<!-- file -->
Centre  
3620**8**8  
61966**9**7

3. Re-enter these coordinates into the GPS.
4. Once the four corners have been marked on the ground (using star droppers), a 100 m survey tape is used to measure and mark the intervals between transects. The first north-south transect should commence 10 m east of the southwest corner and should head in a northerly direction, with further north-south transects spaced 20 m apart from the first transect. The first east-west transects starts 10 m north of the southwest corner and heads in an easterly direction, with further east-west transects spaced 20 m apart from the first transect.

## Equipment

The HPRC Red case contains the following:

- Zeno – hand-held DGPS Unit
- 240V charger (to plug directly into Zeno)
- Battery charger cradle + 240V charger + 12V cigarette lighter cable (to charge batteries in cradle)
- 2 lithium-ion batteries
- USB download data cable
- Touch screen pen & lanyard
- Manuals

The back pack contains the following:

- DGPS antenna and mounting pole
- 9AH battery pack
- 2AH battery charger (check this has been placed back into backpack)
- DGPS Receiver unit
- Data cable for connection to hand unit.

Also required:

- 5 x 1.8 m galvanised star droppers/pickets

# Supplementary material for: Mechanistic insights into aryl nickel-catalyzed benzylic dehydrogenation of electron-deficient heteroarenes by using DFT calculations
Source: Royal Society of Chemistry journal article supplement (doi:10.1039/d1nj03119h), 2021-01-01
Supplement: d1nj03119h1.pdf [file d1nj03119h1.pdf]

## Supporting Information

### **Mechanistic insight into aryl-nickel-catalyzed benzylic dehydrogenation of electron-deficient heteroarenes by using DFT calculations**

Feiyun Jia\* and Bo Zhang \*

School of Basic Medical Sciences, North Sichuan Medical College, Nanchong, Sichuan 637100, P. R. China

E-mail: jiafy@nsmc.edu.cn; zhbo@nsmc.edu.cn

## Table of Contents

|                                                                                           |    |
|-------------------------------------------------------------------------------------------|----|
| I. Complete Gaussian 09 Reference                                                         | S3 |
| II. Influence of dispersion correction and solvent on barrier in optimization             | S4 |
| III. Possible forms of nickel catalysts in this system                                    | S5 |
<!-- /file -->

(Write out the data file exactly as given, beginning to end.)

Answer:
Centre  
3620**8**8  
61966**9**7

3. Re-enter these coordinates into the GPS.
4. Once the four corners have been marked on the ground (using star droppers), a 100 m survey tape is used to measure and mark the intervals between transects. The first north-south transect should commence 10 m east of the southwest corner and should head in a northerly direction, with further north-south transects spaced 20 m apart from the first transect. The first east-west transects starts 10 m north of the southwest corner and heads in an easterly direction, with further east-west transects spaced 20 m apart from the first transect.

## Equipment

The HPRC Red case contains the following:

- Zeno – hand-held DGPS Unit
- 240V charger (to plug directly into Zeno)
- Battery charger cradle + 240V charger + 12V cigarette lighter cable (to charge batteries in cradle)
- 2 lithium-ion batteries
- USB download data cable
- Touch screen pen & lanyard
- Manuals

The back pack contains the following:

- DGPS antenna and mounting pole
- 9AH battery pack
- 2AH battery charger (check this has been placed back into backpack)
- DGPS Receiver unit
- Data cable for connection to hand unit.

Also required:

- 5 x 1.8 m galvanised star droppers/pickets

# Supplementary material for: Mechanistic insights into aryl nickel-catalyzed benzylic dehydrogenation of electron-deficient heteroarenes by using DFT calculations
Source: Royal Society of Chemistry journal article supplement (doi:10.1039/d1nj03119h), 2021-01-01
Supplement: d1nj03119h1.pdf [file d1nj03119h1.pdf]

## Supporting Information

### **Mechanistic insight into aryl-nickel-catalyzed benzylic dehydrogenation of electron-deficient heteroarenes by using DFT calculations**

Feiyun Jia\* and Bo Zhang \*

School of Basic Medical Sciences, North Sichuan Medical College, Nanchong, Sichuan 637100, P. R. China

E-mail: jiafy@nsmc.edu.cn; zhbo@nsmc.edu.cn

## Table of Contents

|                                                                                           |    |
|-------------------------------------------------------------------------------------------|----|
| I. Complete Gaussian 09 Reference                                                         | S3 |
| II. Influence of dispersion correction and solvent on barrier in optimization             | S4 |
| III. Possible forms of nickel catalysts in this system                                    | S5 |